Abamedia: As a scientist, how would you compare the state of science in Russia in the 60's and now in the 90's.

Dr. Khrushchev: Oh, it's extremely different, because, in 60's, it was productive centralized economy, and in each productive economy like now in United States, the government, the state, and the enterprises are interested in science because it will help them to develop their production in future. Now, most of these people are interested not in future production, but in stealing something today when they decide it works to do it–to invest in science, or to steal this money, or they decide it is better they will steal this money for their own pocket. So, at this time, nobody is interested in science, and most of the science or scientists tried to escape from the country, or to associate with some different activity, because they really have no money for living. Sometimes they're not paid their salaries for half a year, and their salaries are much lower than the salaries of the bus driver.

Abamedia: How much do you think Russia is relying on Western help, and is this desirable, or is this a problem?

Dr. Khrushchev: I don't think that in reality it is a problem, because the foreign help cannot help Russia. If Russia wants to transform to the productive economy, first of all, they want to change the structure and turn the direction, and then it will be only private investments in these new enterprises that really would help this economy. Because when you talk about $2 billion or $5 billion credit from West, you have to find out in reality how much is needed to transform the Russian centralized economy to the market economy in the direct way. And from my calculation, what's needed in this case is to invest in Russia every year 2.5 TRILLION dollars– not billions–2.5 trillion dollars, not existing in the world. So it does not really make a difference if the help is $1 billion, or $10 billion. It is the same as the lottery -- The chance of winning is not really that different if you buy one ticket or 10 tickets, or 100 tickets.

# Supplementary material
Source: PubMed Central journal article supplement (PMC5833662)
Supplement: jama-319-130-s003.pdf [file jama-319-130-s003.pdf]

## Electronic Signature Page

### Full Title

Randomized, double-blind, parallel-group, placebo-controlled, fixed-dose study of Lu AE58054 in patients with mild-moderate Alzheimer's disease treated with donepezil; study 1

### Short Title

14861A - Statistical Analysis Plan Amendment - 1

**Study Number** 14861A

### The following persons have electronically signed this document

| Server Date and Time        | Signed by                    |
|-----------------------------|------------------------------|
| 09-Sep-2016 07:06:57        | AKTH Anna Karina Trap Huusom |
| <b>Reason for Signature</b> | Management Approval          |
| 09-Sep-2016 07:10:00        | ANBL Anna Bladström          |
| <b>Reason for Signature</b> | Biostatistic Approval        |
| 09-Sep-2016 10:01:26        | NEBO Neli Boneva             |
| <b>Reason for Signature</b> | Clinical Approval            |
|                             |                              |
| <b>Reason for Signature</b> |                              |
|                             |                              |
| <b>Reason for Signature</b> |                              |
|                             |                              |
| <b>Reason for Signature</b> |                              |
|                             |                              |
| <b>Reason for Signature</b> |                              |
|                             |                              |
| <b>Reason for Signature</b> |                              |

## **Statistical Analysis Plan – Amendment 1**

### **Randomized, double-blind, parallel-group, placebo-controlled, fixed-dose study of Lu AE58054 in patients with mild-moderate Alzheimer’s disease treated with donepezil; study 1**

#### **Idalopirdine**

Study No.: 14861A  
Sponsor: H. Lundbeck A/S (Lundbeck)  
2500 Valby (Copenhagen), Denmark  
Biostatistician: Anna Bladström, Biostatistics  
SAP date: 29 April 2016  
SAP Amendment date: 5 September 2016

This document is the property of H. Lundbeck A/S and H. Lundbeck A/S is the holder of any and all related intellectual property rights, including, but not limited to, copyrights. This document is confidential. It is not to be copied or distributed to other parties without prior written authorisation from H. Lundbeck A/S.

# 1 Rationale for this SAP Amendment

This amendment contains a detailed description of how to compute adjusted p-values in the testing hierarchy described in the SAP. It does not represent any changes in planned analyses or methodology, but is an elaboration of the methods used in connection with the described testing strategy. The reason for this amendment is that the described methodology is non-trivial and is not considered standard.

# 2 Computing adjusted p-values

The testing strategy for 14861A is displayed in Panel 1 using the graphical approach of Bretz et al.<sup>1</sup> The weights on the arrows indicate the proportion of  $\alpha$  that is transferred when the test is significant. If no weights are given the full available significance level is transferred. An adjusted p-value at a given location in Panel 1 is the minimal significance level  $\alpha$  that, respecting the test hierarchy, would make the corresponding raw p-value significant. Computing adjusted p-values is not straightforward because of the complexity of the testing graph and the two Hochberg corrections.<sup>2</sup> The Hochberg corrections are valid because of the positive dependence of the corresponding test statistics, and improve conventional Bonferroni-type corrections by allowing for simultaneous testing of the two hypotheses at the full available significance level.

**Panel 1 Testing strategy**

Abamedia: It's just not enough.

Dr. Khrushchev: It's not enough, and really it has no value on the chances in Russia because it's too small. Even 100 million annual investment in Russia would be too small. It should be enough to help us out, but people who are close to government steal enough money, so it's a different thing.

Abamedia: If you were going to plan for the future, the ideal U.S.-Russian relationship, what should each side do to reach that point.

Dr. Khrushchev: Each side? I don't know really, because it depends on the step-by-step policy and Russia has to do more in the direction of democracy, not in the opposite direction, and they will develop the productive economy. In this case, it will be much easier to deal with each other. And, with United States, they need to be thinking more about real Russian interests and not try to give too many advice.

Abamedia: I think that's good advice from you, and I really appreciate your taking the time to talk with us today, because I know this was a very busy morning for you, and we appreciate all the help you've given us on the film, and we look forward to working with you again in the future.

Dr. Khrushchev: Thank you. Please call me in September.

Abamedia: Okay, we will. Thank you very much.



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© 1999 Abamedia, unless otherwise indicated.